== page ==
|By Joseph Scalise | 2 years ago|
While bacteria tend to avoid mass extinctions, the microorganisms die off at substantial rates, according to new research in Nature Ecology & Evolution.
The new study — run by a team of international scientists — contradicts the common belief that microbe taxa rarely die off and shows they are not as hardy as previously believed.
To reach the new findings, researchers used a combination of DNA sequencing and big data analysis to create an evolutionary tree of Earth’s bacteria.
“Bacteria rarely fossilize, so we know very little about how the microbial landscape has evolved over time,” explained lead author Stilianos Louca, a researcher with University of British Columbia’s Biodiversity Research Center, according to Phys.org. “Sequencing and math helped us fill in the bacterial family tree, map how they’ve diversified over time, and uncover their extinctions.”
The team estimates there are 1.4 to 1.9 million bacterial lineages on Earth today. Between 45,000 and 95,000 distinct species went extinct in the last million years.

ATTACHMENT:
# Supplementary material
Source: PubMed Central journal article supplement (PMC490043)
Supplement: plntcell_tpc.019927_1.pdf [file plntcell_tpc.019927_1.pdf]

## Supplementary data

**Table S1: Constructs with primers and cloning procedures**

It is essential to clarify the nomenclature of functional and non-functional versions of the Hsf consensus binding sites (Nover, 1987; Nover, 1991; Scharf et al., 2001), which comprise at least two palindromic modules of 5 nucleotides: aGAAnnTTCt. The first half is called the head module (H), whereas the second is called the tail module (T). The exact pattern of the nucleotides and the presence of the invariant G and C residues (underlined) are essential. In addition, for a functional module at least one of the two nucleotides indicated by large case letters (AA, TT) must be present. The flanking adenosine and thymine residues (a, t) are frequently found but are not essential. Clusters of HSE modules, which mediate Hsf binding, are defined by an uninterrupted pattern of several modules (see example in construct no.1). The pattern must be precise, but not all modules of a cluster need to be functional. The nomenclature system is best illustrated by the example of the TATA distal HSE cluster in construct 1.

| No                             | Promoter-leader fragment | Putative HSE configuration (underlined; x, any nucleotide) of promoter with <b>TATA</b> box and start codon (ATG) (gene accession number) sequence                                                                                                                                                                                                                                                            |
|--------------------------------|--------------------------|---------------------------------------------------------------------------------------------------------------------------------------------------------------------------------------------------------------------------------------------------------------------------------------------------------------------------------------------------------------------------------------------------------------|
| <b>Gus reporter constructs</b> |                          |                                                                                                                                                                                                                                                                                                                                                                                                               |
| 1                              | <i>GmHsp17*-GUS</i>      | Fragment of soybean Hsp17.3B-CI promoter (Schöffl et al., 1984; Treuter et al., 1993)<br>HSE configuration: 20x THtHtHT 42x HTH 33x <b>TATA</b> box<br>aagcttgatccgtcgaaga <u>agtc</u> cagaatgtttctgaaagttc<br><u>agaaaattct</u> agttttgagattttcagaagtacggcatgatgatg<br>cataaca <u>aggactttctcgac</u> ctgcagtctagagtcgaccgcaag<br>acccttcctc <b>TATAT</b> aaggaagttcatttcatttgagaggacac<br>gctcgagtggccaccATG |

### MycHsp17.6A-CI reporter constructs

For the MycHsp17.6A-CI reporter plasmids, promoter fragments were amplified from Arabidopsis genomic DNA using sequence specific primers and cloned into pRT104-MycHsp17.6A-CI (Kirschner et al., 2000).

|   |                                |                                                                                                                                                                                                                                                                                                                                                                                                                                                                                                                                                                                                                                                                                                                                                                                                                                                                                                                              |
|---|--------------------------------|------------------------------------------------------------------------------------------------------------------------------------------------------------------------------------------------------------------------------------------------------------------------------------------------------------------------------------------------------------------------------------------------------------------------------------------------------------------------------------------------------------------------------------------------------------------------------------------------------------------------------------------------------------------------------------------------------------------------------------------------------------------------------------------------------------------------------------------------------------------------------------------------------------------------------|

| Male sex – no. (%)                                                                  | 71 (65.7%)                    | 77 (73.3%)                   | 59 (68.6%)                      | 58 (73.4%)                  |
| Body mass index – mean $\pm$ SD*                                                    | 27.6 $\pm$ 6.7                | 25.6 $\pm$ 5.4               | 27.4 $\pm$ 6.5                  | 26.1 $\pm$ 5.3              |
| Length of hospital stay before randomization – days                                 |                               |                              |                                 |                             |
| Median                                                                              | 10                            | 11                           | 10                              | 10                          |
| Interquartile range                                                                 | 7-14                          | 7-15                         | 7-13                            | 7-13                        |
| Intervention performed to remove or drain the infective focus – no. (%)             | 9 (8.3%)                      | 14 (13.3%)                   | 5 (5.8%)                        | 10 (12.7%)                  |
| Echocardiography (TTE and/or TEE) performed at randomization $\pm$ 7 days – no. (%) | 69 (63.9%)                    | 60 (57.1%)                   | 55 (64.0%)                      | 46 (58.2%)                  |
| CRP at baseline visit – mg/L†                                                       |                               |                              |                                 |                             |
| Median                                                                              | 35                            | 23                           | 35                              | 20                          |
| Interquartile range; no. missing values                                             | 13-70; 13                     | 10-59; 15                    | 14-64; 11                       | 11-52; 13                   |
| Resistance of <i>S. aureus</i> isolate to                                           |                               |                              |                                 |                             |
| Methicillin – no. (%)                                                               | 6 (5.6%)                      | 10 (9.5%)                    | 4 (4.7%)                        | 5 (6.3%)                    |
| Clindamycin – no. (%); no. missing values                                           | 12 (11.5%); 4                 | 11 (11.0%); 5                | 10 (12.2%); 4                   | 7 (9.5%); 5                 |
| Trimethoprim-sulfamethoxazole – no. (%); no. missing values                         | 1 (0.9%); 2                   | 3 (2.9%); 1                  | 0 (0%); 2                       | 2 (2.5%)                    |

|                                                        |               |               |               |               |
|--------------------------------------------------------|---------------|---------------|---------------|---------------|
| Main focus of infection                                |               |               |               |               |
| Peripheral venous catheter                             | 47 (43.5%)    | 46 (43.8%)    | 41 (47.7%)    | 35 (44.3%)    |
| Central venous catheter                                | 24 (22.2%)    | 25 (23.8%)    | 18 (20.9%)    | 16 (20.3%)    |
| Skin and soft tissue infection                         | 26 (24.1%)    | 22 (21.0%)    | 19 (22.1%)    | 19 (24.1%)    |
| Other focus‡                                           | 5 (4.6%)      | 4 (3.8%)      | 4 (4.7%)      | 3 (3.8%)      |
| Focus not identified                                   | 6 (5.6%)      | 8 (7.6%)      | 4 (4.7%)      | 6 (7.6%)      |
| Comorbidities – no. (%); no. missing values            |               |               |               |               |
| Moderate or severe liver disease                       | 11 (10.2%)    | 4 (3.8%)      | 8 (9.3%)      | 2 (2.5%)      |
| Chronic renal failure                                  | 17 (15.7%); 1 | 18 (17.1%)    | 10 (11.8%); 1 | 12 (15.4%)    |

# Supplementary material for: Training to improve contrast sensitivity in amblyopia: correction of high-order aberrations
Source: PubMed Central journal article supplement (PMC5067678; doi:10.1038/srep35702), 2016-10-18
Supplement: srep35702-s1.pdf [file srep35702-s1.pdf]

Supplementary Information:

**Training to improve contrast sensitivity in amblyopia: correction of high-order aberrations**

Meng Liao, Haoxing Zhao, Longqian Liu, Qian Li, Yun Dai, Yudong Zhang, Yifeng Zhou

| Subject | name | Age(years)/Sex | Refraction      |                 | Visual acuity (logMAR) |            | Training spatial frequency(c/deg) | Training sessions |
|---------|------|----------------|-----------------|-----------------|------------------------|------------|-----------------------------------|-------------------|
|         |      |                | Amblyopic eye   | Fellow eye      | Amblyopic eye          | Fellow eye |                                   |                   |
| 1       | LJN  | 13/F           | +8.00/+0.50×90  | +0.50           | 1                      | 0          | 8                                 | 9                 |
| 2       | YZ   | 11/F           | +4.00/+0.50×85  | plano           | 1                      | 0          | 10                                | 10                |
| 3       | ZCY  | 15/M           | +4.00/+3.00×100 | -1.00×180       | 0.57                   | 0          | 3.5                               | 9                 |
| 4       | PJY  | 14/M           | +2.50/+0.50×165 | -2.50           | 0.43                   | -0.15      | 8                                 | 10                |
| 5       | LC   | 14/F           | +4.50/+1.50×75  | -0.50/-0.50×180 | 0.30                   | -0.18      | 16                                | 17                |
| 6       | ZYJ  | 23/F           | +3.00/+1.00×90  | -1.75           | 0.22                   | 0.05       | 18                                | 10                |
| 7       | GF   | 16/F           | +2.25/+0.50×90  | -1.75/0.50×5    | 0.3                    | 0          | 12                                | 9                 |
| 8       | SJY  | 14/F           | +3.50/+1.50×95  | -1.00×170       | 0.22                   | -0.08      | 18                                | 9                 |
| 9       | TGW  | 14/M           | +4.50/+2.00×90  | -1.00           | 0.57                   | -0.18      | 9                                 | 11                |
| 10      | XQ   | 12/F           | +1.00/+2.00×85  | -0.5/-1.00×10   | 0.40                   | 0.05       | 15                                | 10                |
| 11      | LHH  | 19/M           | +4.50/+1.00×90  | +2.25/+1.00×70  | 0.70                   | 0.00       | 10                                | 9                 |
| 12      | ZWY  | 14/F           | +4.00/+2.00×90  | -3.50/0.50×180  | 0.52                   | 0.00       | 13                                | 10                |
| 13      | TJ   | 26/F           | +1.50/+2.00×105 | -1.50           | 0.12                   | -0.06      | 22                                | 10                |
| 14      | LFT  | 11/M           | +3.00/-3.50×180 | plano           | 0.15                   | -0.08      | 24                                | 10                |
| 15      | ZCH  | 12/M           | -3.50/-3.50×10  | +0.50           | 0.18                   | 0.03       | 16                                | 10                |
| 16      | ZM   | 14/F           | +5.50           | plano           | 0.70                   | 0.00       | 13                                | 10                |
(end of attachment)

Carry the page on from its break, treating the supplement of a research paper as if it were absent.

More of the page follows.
Though bacteria are still extremely diverse, that diversity has shifted many times throughout Earth’s long history.
Rather than succumbing to planet-wide mass extinctions, most bacteria disappear as a result of competition between species. That conflict drives many die-offs, but also creates more resilient strains.
Now that researchers know such information, they next want to analyze how bacteria physiological properties evolve over time. They also want to use new technology to see if their ecological diversity increases at the same rate as their taxonomic diversity.
“This study wouldn’t have been possible 10 years ago,” said study co-author Michael Doebeli, a researcher at the University of British Columbia, according to ZME Science. “Today’s availability of massive sequencing data and powerful computational resources allowed us to perform the complex mathematical analysis.”